API, drug intermediates and formulations firm Granules India ended the second quarter of fiscal 2013 with higher revenue and profit thanks to gains made by all three of its units.
The Hyderabad, India-based firm reported a 52% increase in net revenue – to INR2.6bn ($43.5m) – and a 87% surge in net profit – to INR1.5bn – for the three month period ended September 30.
Granules said the gains were driven by “driven by strong performance across all three verticals” and cited the ramp up of production and capacity utilisation at its newly opened formulation facility in Gagillapur as one of the most important factors.
Spokesman Vijay Ramanavarapu told in-Pharmatechnologist.com that: "Our API business continues to improve due to improvements in manufacturing efficiencies. We are focusing on using our API production for captive consumption in our Finished Dosages and PFIs and expect this trend to continue to increase.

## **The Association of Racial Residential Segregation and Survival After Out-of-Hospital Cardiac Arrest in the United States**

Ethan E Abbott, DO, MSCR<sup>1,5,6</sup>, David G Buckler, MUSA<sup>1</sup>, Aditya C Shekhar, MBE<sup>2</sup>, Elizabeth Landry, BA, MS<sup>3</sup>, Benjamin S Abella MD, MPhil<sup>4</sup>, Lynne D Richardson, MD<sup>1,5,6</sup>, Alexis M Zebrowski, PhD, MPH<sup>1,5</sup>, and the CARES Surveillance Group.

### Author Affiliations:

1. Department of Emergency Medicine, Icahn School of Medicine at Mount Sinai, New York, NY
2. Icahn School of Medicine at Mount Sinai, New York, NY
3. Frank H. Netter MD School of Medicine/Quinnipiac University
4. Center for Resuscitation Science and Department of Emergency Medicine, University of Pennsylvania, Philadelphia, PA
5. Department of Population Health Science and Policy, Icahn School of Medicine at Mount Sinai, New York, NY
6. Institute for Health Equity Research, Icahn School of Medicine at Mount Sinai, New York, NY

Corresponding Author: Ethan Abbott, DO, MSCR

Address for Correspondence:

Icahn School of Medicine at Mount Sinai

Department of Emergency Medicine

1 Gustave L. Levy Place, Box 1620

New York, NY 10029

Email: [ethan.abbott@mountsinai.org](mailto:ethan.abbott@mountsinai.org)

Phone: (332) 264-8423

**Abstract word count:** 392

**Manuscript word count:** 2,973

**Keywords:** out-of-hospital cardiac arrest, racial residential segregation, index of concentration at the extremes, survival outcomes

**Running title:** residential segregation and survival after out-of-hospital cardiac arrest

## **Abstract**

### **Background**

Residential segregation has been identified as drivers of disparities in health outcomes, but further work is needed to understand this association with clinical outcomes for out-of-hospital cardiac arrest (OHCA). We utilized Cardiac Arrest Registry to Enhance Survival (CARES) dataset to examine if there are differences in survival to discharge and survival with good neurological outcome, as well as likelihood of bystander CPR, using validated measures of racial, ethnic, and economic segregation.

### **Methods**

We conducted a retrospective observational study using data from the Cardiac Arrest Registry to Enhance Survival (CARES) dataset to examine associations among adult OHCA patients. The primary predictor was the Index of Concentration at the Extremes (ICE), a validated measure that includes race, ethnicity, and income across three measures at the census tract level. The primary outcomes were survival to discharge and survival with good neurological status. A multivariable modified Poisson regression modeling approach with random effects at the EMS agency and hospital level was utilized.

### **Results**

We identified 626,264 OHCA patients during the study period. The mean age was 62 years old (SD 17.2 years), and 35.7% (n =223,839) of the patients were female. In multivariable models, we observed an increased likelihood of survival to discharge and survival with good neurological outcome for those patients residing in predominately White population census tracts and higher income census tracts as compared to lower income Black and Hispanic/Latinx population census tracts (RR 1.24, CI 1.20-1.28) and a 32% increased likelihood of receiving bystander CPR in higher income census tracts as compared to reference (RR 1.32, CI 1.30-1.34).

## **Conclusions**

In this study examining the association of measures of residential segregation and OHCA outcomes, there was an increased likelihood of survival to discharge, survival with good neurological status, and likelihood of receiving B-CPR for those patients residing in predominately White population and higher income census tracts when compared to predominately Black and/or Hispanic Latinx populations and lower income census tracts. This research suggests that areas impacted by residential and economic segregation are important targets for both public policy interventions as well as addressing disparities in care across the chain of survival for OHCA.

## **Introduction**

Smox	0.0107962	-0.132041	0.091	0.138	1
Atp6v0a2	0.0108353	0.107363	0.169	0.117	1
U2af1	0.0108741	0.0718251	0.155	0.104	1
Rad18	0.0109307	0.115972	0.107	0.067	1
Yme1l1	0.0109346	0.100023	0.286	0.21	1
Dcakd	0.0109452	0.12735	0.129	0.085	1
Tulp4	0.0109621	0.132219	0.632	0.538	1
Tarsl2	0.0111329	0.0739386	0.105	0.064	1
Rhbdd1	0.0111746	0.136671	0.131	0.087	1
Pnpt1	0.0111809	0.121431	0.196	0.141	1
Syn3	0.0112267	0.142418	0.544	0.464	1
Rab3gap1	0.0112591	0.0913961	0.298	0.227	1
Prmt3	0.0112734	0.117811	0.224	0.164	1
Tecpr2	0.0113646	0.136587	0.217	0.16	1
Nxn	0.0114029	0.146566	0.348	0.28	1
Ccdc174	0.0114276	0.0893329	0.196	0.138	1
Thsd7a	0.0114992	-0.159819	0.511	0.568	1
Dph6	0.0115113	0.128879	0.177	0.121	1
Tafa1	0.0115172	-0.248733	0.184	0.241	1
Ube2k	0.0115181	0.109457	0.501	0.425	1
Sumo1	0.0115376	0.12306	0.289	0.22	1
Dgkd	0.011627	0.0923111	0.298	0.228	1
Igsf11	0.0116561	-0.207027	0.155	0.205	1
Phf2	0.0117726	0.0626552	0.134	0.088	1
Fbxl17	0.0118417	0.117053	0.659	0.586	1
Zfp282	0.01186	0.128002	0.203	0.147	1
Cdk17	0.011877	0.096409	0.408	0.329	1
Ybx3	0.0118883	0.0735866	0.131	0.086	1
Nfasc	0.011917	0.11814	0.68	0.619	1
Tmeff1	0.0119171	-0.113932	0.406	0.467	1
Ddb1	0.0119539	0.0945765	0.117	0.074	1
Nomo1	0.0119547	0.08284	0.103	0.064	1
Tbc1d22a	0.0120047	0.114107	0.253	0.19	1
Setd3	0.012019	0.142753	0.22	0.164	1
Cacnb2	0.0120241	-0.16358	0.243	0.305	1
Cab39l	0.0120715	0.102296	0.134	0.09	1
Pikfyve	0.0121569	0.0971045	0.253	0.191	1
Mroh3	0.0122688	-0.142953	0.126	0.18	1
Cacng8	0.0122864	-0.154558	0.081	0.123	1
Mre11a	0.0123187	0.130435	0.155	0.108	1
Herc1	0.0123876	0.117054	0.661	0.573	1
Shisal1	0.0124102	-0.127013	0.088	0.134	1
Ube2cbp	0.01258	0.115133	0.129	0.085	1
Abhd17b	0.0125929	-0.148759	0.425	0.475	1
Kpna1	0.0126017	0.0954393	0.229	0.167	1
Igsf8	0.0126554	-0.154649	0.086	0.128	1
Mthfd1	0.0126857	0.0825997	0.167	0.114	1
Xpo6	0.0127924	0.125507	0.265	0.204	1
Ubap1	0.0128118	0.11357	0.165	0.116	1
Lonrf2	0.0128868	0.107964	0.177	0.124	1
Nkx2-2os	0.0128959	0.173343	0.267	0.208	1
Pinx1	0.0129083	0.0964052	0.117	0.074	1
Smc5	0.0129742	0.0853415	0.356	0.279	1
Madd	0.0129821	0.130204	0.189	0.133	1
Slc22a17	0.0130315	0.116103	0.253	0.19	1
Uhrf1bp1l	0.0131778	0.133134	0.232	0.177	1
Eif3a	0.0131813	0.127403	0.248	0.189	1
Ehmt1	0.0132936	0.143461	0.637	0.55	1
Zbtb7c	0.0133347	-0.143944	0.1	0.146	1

He also explained that the West continued to be a key market for Granules and hinted that the firm may increase API production capacity to meet this demand.
"As for regions, we are continuing to see strong demand in Europe which is our primary API market. Demand for our products is steadily increasing. We are actively working on de-bottlenecking our API capacity and will continue to see incremental improvements in our capacity. In the long-run, we expect to add more API capacity.
In July European laws came into effect which require all APIs shipped to the continent be accompanied by written confirmation they were produced to appropriate standards by local regulators.
While this did not impacted Granules, other Indian API makers had to wait to the last minute to receive the necessary regulatory documents according to Ramanavarapu.
"We [Granules] received the certification in time and haven’t been impacted. The Indian government took longer than most authorities to get clarity on the topic which resulted in many companies getting written confirmation shortly before the deadline," he said.
Ramanavarapu also suggested that Indian authorities could learn from regulators in other countries where manufacturers also faced potential restrictions as a result of the new European laws.
"In contrast, the Chinese government was much more effective and Chinese API producers were able to provide a better peace of mind to its European customers. The government needs to be more efficient so we can serve our customers."